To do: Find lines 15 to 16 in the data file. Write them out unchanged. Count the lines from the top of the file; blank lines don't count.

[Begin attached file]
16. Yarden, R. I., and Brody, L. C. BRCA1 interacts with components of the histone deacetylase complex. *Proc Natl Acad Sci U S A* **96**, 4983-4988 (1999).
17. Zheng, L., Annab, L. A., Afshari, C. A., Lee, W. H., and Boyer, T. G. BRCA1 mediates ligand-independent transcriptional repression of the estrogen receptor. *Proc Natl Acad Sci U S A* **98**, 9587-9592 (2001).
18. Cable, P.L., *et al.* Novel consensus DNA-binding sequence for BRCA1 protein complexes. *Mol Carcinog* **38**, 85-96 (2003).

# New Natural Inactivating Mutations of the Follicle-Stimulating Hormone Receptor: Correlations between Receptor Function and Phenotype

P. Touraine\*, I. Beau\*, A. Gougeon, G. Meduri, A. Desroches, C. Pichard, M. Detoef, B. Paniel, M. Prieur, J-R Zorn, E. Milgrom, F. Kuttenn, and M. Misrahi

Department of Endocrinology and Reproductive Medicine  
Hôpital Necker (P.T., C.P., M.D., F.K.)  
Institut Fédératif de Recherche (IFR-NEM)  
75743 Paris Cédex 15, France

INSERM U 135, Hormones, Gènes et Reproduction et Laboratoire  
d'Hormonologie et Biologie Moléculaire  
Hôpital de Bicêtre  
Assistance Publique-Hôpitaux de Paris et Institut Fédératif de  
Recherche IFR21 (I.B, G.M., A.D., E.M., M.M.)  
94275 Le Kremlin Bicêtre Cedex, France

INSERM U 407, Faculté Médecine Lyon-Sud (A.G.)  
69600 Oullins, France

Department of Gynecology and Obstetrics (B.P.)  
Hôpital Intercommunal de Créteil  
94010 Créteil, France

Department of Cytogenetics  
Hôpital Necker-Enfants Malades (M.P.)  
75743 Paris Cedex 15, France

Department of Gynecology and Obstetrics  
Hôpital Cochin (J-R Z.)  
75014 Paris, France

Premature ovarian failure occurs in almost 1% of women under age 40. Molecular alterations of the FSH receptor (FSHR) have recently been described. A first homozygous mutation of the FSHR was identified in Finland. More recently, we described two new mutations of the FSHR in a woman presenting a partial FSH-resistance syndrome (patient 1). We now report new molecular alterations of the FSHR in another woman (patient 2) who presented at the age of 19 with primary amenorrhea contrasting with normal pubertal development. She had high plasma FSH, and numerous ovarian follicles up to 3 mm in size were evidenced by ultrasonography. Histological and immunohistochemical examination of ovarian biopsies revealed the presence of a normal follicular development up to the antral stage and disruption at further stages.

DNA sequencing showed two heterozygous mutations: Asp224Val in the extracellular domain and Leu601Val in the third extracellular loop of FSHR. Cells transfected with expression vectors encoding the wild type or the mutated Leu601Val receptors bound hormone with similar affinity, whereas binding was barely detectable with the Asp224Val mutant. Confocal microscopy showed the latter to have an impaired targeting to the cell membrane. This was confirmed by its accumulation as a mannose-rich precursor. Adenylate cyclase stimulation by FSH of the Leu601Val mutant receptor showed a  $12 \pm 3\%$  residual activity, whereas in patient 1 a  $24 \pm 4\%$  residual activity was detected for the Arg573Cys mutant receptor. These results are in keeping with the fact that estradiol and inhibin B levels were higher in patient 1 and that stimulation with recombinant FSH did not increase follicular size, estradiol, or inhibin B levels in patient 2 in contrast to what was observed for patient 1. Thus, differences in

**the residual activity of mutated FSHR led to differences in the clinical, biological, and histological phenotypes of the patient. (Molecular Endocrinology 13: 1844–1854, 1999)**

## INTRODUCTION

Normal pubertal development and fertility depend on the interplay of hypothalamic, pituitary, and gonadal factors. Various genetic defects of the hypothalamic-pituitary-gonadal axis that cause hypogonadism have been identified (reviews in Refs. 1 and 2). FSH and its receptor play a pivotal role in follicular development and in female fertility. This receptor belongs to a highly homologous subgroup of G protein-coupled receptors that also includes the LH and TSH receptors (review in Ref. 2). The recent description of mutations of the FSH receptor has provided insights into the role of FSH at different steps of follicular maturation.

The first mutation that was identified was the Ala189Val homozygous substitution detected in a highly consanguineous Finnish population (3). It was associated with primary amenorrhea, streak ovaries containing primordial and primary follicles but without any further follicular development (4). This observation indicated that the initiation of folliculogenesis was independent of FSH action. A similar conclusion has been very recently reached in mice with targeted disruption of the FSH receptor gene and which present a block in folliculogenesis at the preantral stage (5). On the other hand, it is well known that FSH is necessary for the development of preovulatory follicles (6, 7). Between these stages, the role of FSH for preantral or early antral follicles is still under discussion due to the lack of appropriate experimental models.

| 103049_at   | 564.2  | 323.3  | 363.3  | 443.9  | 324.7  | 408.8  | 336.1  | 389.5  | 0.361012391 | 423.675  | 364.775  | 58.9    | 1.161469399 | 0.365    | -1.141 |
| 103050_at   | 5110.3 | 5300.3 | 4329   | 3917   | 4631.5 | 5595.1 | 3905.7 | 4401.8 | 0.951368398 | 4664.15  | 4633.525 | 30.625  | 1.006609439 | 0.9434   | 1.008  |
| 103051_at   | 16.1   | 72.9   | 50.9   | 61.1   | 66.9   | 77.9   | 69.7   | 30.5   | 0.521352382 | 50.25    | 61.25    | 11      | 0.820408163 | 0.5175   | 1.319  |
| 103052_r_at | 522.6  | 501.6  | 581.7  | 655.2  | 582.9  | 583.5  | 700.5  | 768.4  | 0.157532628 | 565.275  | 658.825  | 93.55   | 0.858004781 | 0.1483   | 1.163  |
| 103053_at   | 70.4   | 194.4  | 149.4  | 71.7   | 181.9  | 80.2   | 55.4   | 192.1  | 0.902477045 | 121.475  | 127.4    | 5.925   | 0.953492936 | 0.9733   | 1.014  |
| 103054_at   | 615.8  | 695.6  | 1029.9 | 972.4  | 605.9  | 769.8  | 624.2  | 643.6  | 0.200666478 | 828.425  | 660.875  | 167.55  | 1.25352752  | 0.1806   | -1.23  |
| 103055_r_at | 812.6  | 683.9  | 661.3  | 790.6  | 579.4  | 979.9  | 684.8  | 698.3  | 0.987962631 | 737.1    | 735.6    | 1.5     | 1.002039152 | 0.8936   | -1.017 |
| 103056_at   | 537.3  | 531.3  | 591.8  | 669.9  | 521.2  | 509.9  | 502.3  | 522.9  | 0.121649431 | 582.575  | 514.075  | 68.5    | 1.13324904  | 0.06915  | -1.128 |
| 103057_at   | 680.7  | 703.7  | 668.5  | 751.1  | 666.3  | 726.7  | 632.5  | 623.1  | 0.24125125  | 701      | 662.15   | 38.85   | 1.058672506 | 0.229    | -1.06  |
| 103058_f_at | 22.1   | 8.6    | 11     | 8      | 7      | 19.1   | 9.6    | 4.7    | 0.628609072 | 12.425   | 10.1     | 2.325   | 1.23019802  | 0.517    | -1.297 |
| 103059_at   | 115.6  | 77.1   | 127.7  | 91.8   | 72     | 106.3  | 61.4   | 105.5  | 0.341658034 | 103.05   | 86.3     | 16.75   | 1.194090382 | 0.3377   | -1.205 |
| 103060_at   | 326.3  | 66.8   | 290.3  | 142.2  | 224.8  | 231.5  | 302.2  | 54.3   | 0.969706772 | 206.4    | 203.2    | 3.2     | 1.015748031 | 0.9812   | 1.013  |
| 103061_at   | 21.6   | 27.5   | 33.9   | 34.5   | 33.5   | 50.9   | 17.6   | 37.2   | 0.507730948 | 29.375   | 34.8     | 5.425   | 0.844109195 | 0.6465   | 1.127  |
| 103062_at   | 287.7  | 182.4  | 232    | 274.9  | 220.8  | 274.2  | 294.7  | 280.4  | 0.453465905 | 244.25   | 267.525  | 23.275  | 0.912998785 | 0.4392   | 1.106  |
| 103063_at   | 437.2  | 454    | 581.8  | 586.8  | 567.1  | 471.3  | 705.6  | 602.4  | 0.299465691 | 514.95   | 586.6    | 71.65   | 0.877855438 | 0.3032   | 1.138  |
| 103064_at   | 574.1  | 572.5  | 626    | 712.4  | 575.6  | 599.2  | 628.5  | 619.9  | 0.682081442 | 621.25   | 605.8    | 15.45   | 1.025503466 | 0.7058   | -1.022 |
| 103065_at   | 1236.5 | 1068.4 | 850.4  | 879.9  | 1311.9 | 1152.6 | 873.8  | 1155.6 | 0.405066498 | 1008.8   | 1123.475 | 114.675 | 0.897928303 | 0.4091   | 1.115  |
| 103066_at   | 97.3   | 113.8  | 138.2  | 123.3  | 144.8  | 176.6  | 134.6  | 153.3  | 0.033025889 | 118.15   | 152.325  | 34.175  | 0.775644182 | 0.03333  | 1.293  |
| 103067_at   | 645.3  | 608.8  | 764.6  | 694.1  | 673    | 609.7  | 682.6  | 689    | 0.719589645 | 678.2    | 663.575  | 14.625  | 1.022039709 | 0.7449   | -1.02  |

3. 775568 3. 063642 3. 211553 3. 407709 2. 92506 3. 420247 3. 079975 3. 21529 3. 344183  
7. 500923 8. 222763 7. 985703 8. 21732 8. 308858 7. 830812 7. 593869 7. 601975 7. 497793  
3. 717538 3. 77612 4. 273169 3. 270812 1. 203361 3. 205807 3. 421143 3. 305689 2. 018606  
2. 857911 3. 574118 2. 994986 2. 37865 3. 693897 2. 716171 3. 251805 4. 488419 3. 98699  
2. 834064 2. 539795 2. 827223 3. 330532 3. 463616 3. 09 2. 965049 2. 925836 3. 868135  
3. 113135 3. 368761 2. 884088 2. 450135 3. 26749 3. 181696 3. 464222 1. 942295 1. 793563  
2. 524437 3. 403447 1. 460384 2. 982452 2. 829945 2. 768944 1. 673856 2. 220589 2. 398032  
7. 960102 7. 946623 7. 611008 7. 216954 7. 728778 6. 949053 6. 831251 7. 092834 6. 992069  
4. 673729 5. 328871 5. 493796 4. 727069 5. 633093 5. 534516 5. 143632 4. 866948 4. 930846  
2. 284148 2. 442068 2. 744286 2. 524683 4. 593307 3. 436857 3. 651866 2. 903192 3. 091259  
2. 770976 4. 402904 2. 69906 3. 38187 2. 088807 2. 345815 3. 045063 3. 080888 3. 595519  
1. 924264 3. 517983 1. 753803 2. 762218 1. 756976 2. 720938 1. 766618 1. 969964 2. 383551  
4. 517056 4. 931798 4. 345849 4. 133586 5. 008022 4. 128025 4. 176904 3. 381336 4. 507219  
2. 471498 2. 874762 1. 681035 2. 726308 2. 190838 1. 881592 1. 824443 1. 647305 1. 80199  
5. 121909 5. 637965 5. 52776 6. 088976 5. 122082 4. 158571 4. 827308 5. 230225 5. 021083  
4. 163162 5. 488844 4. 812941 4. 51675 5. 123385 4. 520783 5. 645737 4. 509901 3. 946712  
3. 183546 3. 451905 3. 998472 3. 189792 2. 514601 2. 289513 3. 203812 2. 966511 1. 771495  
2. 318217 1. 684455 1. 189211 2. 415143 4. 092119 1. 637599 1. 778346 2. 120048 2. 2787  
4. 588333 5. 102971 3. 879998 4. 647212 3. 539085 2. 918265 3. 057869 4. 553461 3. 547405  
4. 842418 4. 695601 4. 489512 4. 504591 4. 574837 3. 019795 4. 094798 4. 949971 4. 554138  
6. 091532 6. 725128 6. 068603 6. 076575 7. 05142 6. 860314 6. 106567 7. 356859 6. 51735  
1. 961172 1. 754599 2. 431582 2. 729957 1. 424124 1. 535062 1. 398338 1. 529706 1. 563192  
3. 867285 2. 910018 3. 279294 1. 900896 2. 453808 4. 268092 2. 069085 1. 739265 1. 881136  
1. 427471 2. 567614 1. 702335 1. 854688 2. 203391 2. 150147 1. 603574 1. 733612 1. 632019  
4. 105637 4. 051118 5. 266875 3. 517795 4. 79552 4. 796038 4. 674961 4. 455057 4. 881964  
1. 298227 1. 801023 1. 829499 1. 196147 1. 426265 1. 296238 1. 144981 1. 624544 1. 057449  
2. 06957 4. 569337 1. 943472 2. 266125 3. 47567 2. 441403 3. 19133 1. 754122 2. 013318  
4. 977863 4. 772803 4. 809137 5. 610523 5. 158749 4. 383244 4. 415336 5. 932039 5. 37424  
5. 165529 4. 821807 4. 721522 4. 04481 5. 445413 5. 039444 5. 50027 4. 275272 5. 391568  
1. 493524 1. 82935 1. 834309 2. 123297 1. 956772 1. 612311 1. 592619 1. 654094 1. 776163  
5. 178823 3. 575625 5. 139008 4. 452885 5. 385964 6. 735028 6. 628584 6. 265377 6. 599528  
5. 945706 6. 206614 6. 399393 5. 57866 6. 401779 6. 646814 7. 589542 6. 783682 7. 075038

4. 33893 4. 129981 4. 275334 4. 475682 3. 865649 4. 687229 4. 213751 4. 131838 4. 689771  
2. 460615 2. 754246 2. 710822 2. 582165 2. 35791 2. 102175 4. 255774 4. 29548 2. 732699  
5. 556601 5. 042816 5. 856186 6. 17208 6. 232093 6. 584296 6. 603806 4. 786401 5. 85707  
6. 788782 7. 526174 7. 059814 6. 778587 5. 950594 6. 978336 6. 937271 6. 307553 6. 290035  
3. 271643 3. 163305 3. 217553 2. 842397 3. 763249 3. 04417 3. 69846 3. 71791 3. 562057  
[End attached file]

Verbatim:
94275 Le Kremlin Bicêtre Cedex, France

INSERM U 407, Faculté Médecine Lyon-Sud (A.G.)  